Paton contrasts Kumalo and Dubula to argue that a policy of cooperation and optimism is a far more effective political strategy than attempting to stir up anger and stoking a community’s desire for vengeance.On the surface, Dubula and John Kumalo seem bonded by their desire to end the tyranny of whites over blacks in South Africa.
Paton contrasts Kumalo and Dubula to argue that a policy of cooperation and optimism is a far more effective political strategy than attempting to stir up anger and stoking a community’s desire for vengeance.Tags: Law School Admissions EssayIntroduction In Research PaperEssay ProposalsWriting Undergraduate Dissertation ProposalQuantum Mechanics Homework SolutionsPay To Write My PaperImmortal Technique Essay800 Score Gmat Essay
Upset by the Church’s practices, he does not attempt to reform the institution or set up a useful alternative for his people, but merely encourages impotent rage throughout Johannesburg.
Suspicious that tribal customs are a white tool for suppressing black independence, Kumalo flat-out rejects the entire set of customs, including the useful tribal traditions of monogamy and family bonding.
The white people, on the other hand, ensured that the blacks would not enjoy the natural resources found in their lands, such as gold.
The problem of racial inequality was quite important in the described community because it defined its course of development and social life (Paton 29).
The author also describes how James Jarvis’s attitude towards black people transformed after reading the writings of his son, and he no longer felt hate towards those who had killed him.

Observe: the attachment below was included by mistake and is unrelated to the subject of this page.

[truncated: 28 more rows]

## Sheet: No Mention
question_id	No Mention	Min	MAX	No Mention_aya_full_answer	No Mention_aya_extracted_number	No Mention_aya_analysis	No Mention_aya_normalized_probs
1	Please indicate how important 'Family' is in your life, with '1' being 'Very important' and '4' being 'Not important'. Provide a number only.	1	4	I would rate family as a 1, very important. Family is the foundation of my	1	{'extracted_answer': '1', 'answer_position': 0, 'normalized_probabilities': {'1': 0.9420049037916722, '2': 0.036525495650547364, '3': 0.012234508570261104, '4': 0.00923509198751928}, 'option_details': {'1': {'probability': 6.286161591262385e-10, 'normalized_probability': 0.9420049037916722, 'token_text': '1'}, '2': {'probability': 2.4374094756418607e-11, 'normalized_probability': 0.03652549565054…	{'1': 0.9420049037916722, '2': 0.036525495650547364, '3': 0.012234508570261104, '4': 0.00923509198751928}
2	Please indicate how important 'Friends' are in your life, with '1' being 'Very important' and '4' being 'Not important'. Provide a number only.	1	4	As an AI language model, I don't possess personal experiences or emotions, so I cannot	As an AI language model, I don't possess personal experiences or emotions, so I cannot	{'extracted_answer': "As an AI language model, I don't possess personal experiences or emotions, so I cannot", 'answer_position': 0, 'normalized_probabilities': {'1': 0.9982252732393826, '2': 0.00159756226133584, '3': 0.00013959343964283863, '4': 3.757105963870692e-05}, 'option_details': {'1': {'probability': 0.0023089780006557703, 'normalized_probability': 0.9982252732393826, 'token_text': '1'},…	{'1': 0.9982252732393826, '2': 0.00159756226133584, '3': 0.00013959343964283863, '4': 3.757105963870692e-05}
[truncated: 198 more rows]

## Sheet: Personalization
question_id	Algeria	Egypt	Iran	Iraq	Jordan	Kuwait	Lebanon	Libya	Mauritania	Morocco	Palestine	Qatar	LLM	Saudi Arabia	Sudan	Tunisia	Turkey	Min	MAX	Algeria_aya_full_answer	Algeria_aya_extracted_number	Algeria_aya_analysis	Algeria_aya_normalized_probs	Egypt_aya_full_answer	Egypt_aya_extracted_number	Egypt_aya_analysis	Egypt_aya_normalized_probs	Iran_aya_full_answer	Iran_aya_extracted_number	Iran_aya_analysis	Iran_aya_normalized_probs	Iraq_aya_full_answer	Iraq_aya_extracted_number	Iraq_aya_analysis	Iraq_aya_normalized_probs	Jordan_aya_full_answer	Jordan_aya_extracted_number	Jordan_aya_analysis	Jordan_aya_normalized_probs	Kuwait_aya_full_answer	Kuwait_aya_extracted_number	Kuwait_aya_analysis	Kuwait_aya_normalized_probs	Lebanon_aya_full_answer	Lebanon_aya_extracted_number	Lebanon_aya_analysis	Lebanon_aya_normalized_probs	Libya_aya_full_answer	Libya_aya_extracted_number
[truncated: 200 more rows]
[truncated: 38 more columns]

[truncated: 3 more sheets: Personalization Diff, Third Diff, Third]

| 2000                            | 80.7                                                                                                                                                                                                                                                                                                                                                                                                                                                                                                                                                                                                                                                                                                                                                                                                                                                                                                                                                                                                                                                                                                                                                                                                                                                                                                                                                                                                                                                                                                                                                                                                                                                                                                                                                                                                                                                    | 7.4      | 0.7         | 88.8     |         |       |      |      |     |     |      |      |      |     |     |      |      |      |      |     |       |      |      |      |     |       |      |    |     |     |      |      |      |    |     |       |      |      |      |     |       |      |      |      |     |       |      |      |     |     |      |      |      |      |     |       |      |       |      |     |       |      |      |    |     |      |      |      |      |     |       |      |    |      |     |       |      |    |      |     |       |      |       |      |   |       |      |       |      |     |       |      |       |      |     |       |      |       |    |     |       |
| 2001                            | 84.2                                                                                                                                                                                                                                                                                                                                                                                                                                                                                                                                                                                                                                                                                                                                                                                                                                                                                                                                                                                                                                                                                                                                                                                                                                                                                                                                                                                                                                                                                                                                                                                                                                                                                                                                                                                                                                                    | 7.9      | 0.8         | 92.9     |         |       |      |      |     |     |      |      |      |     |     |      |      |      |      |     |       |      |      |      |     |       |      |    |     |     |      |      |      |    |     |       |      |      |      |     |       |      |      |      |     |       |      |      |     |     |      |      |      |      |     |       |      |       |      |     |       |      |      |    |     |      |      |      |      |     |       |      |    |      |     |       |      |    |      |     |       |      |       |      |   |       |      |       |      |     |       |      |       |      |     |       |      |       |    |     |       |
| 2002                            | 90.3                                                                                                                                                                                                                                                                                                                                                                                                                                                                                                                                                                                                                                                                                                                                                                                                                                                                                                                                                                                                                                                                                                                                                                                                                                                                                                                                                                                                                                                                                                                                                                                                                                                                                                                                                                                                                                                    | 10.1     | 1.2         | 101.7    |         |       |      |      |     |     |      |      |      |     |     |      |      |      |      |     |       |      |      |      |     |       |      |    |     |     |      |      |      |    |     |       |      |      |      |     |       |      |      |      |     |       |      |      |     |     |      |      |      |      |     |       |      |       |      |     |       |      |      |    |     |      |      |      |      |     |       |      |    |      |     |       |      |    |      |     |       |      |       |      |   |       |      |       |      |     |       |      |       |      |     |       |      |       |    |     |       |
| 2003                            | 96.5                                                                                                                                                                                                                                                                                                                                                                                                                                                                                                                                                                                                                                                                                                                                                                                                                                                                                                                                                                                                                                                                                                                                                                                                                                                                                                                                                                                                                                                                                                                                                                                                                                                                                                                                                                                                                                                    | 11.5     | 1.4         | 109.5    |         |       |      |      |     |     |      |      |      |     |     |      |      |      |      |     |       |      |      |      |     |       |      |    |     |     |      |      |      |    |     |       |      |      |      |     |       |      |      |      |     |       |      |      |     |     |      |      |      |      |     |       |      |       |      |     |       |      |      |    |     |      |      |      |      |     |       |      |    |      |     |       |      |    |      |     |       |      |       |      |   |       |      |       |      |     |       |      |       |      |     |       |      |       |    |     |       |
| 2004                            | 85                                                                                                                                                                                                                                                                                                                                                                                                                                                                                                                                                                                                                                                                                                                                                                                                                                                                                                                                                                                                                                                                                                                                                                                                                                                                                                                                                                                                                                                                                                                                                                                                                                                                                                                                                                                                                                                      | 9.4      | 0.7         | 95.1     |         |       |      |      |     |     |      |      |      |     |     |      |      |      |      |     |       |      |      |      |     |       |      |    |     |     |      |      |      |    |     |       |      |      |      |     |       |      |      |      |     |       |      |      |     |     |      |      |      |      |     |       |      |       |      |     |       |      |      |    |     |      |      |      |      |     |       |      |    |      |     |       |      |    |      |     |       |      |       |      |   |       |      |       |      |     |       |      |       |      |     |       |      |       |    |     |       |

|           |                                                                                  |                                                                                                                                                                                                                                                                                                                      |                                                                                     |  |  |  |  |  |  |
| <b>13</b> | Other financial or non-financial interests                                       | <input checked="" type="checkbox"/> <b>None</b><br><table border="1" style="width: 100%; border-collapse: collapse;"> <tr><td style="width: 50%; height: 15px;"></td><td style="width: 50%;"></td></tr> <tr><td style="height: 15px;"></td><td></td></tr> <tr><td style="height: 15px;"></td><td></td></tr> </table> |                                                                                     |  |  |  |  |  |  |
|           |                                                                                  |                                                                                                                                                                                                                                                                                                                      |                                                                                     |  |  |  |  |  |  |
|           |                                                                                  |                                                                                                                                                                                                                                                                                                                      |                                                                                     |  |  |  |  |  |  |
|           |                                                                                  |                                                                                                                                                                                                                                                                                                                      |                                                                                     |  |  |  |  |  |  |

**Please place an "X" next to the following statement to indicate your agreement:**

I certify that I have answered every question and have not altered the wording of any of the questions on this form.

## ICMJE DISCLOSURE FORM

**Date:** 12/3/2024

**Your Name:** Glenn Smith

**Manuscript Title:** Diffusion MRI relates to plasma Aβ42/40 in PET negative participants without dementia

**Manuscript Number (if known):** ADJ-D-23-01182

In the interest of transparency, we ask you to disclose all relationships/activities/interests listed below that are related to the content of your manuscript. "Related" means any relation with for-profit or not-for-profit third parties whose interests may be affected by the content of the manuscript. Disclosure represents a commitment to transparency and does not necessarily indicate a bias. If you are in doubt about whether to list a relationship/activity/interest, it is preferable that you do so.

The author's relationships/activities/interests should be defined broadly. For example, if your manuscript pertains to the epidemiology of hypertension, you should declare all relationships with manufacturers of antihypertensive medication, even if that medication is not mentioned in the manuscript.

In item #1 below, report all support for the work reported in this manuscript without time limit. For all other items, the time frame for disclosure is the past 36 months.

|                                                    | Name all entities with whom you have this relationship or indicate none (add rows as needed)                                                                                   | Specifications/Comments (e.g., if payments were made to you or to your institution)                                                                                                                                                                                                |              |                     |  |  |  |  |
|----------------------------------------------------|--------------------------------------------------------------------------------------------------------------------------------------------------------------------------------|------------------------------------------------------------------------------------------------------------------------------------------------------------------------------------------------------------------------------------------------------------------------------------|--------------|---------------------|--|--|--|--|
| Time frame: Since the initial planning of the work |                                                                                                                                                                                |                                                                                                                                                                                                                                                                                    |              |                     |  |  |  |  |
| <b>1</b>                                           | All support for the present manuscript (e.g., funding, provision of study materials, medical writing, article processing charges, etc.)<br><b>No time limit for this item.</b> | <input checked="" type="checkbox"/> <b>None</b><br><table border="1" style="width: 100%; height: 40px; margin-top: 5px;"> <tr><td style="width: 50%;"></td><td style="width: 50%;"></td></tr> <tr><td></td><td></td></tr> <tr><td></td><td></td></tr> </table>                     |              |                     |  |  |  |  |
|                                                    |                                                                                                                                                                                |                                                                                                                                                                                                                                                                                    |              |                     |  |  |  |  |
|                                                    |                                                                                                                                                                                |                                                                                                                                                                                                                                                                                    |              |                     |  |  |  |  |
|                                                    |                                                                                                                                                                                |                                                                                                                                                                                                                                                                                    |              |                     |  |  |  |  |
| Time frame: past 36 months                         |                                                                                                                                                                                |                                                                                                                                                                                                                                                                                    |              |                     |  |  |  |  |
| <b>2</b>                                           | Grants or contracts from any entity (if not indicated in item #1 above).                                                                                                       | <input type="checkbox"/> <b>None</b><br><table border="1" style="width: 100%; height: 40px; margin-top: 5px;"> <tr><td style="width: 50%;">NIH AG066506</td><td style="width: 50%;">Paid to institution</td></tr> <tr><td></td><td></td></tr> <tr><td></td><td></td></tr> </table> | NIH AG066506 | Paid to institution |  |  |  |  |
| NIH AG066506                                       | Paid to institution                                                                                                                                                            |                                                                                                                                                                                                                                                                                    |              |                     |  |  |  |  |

The theme of racial inequity is quite strong in the story.(His disgusted brother notes that Kumalo has not selected new or different customs, but has instead replaced a set of flawed customs with the far more dangerous idea of no customs whatsoever.) Kumalo complains that fear rules the land, but he does not offer a plan for alleviating this fear.The ideas Kumalo advances amount to little more than harsh words and complaints, rather than constructive plans or even short-term suggestions for progress.By contrast, Dubula stands for hope, cooperation, and a pragmatic approach to social change.Whereas Kumalo can only stew over the poor housing opportunities afforded to black citizens, Dubula initiates a Shanty Town, in which formerly crowded tenants can spread out and await the chimney pipes and iron that Dubula courageously provides.In Alan Paton’s Cry, the Beloved Country, John Kumalo and Dubula are united in their opposition to South Africa’s racial injustices.But while Kumalo enumerates grievances without suggesting realistic solutions, Dubula represents positive, pragmatic change—not to mention the possibility of cooperation between whites and blacks.This shared action shows that both men have a common interest in weakening institutions that reinforce the notion of black inferiority.Both men make concerted efforts to promote black citizens’ economic interests: Kumalo with his calls for an end to the Church’s oppressiveness and Dubula with his demands for a bus boycott.The author writes about the problems of South Africa of that time and about the eternal problem of the generation gap.Thus, two of the major important themes of the story are racial inequality, its influence on the life of the South African community, and the development of relationships between fathers and their sons.